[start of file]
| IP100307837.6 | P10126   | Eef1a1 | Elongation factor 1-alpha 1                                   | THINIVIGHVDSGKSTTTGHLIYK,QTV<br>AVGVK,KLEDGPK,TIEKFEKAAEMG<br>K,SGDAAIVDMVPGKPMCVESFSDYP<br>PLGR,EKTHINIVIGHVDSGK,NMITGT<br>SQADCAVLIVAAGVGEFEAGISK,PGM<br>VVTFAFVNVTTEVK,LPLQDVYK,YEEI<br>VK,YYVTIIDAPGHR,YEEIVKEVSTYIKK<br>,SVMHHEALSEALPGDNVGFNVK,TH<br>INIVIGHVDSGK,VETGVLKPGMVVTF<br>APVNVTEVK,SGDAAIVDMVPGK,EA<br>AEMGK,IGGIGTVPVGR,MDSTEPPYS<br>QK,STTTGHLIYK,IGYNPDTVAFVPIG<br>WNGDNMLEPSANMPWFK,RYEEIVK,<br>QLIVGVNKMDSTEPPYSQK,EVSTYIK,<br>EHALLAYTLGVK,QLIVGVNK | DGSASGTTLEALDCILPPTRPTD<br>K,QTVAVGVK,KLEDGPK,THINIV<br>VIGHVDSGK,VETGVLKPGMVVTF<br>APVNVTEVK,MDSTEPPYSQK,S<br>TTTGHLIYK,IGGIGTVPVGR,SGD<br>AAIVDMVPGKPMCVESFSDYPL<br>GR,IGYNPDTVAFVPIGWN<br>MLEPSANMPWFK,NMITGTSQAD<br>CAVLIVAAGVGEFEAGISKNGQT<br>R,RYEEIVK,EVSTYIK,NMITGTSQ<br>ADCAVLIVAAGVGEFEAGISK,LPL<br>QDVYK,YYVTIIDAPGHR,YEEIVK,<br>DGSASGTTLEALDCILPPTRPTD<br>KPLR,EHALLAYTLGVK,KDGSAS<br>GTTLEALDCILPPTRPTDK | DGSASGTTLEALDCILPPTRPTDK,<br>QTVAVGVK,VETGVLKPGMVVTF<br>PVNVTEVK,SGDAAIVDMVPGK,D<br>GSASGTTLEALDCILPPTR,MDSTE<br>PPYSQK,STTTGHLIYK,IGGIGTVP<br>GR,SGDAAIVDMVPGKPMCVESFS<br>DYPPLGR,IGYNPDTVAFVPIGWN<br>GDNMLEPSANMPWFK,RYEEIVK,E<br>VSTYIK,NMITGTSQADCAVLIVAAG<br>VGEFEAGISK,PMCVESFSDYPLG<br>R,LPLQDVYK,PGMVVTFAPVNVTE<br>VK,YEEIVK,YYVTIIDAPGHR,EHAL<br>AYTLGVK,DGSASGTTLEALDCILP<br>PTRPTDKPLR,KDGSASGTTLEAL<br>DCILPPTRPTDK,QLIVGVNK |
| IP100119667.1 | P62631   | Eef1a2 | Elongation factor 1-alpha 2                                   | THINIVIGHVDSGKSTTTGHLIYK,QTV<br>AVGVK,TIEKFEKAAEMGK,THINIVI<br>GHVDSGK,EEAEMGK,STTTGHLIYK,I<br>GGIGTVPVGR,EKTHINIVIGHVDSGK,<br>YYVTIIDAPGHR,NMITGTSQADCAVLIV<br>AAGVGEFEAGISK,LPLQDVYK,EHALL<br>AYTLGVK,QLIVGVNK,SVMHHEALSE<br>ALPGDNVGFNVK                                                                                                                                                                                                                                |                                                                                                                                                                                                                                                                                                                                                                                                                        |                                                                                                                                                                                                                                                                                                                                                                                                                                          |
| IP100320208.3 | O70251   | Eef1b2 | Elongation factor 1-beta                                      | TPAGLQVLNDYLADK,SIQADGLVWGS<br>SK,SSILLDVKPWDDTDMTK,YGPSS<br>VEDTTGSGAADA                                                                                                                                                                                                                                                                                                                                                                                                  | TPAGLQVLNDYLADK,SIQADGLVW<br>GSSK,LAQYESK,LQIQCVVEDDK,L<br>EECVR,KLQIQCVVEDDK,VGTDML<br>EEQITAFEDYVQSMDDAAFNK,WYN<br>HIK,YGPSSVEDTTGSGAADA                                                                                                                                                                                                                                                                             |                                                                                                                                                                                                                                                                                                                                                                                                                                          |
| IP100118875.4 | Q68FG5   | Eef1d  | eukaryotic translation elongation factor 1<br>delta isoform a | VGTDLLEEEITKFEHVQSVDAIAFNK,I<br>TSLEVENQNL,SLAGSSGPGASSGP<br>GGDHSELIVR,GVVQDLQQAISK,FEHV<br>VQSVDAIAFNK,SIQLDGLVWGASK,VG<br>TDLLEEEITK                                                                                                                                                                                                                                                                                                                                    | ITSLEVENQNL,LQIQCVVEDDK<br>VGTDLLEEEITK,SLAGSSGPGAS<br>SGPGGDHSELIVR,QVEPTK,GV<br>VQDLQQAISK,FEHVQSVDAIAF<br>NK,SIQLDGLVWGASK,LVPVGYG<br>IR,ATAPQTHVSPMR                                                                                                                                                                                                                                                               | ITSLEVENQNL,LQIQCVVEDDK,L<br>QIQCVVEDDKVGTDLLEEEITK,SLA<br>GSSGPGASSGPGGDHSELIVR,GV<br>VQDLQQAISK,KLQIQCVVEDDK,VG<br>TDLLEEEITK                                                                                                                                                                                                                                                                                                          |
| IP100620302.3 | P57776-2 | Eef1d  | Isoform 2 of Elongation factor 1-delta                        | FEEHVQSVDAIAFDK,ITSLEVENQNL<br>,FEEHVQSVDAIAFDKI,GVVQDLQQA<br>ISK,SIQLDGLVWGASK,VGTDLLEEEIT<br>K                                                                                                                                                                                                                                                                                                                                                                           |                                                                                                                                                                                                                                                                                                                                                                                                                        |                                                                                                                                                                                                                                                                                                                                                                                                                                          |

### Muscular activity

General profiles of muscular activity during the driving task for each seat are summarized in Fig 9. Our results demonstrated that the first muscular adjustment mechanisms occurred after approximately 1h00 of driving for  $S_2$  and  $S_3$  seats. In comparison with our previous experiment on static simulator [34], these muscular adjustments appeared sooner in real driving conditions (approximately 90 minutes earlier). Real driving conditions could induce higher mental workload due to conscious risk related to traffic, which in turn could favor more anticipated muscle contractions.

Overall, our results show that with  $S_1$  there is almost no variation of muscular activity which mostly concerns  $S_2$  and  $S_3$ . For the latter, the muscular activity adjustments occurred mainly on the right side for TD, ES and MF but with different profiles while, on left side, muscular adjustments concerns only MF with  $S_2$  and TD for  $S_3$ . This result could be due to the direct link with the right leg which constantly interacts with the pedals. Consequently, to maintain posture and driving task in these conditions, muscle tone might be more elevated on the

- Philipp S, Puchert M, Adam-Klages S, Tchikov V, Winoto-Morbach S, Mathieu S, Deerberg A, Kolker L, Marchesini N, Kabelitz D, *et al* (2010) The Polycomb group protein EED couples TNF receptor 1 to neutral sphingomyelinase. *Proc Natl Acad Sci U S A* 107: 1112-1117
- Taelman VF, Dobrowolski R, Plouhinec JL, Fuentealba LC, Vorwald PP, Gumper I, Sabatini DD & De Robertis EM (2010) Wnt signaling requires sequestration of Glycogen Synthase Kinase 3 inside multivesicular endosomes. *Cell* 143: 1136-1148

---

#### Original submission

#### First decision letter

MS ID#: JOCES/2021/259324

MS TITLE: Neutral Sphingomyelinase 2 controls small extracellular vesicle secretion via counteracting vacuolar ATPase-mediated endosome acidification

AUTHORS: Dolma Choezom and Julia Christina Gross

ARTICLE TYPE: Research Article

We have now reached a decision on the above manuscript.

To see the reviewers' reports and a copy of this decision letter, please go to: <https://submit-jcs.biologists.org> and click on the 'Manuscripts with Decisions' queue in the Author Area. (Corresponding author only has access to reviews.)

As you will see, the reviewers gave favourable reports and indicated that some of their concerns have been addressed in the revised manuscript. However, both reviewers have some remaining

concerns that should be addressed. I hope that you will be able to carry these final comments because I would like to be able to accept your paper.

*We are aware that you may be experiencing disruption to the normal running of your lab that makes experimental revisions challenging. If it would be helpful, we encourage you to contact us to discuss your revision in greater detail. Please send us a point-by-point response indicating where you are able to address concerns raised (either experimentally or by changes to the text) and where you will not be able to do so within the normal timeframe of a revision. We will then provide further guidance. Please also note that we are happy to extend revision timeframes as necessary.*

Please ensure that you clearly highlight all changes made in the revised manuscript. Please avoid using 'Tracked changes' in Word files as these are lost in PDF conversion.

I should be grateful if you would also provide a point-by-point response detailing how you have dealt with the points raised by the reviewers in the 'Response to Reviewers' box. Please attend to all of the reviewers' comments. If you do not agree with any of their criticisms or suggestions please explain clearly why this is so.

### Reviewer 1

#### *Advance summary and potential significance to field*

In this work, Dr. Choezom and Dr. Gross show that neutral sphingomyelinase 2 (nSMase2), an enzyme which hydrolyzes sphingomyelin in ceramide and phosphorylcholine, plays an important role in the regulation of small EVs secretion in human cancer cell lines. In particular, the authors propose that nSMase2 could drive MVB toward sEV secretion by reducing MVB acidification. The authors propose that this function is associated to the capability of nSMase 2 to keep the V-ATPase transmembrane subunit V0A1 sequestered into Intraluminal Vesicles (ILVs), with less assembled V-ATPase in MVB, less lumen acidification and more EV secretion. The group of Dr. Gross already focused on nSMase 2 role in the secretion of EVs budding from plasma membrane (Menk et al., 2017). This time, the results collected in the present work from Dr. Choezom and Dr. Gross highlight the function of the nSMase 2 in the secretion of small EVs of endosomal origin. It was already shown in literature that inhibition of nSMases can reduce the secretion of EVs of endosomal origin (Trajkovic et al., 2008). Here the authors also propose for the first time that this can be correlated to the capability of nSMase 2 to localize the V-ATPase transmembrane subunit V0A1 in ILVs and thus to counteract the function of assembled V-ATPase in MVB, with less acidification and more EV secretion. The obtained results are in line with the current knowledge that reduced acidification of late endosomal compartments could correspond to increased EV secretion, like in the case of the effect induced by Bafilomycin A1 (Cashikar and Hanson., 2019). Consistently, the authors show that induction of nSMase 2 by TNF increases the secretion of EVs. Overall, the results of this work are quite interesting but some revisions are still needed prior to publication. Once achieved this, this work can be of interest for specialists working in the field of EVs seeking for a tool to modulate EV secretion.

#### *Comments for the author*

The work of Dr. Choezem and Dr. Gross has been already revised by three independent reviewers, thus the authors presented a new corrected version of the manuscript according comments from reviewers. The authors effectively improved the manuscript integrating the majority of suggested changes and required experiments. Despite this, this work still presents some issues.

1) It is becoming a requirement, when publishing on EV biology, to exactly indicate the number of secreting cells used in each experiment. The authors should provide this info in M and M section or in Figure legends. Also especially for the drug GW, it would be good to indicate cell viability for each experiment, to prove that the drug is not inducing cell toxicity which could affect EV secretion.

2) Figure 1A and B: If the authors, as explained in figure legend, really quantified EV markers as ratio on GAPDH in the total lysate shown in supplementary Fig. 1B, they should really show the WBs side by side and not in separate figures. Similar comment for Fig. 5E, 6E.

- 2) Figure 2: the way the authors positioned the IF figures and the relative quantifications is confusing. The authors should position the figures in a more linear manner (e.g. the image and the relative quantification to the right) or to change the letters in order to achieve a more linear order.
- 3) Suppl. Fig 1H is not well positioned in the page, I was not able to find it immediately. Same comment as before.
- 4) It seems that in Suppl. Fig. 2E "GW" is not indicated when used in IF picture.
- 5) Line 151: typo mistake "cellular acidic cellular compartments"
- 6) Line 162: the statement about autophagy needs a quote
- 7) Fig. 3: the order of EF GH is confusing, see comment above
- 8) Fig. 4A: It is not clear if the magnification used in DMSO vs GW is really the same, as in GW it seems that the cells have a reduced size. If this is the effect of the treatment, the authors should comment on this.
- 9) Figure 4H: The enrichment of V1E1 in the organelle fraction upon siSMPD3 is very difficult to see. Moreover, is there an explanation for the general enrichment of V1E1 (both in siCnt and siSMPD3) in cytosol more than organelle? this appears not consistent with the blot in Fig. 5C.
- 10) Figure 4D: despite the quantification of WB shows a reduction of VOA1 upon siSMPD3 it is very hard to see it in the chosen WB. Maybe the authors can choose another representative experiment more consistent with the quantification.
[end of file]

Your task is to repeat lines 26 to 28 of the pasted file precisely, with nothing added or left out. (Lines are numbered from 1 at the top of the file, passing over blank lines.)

#### *Advance summary and potential significance to field*

In this work, Dr. Choezom and Dr. Gross show that neutral sphingomyelinase 2 (nSMase2), an enzyme which hydrolyzes sphingomyelin in ceramide and phosphorylcholine, plays an important role in the regulation of small EVs secretion in human cancer cell lines. In particular, the authors propose that nSMase2 could drive MVB toward sEV secretion by reducing MVB acidification. The authors propose that this function is associated to the capability of nSMase 2 to keep the V-ATPase transmembrane subunit V0A1 sequestered into Intraluminal Vesicles (ILVs), with less assembled V-ATPase in MVB, less lumen acidification and more EV secretion. The group of Dr. Gross already focused on nSMase 2 role in the secretion of EVs budding from plasma membrane (Menk et al., 2017). This time, the results collected in the present work from Dr. Choezom and Dr. Gross highlight the function of the nSMase 2 in the secretion of small EVs of endosomal origin. It was already shown in literature that inhibition of nSMases can reduce the secretion of EVs of endosomal origin (Trajkovic et al., 2008). Here the authors also propose for the first time that this can be correlated to the capability of nSMase 2 to localize the V-ATPase transmembrane subunit V0A1 in ILVs and thus to counteract the function of assembled V-ATPase in MVB, with less acidification and more EV secretion. The obtained results are in line with the current knowledge that reduced acidification of late endosomal compartments could correspond to increased EV secretion, like in the case of the effect induced by Bafilomycin A1 (Cashikar and Hanson., 2019). Consistently, the authors show that induction of nSMase 2 by TNF increases the secretion of EVs. Overall, the results of this work are quite interesting but some revisions are still needed prior to publication. Once achieved this, this work can be of interest for specialists working in the field of EVs seeking for a tool to modulate EV secretion.

#### *Comments for the author*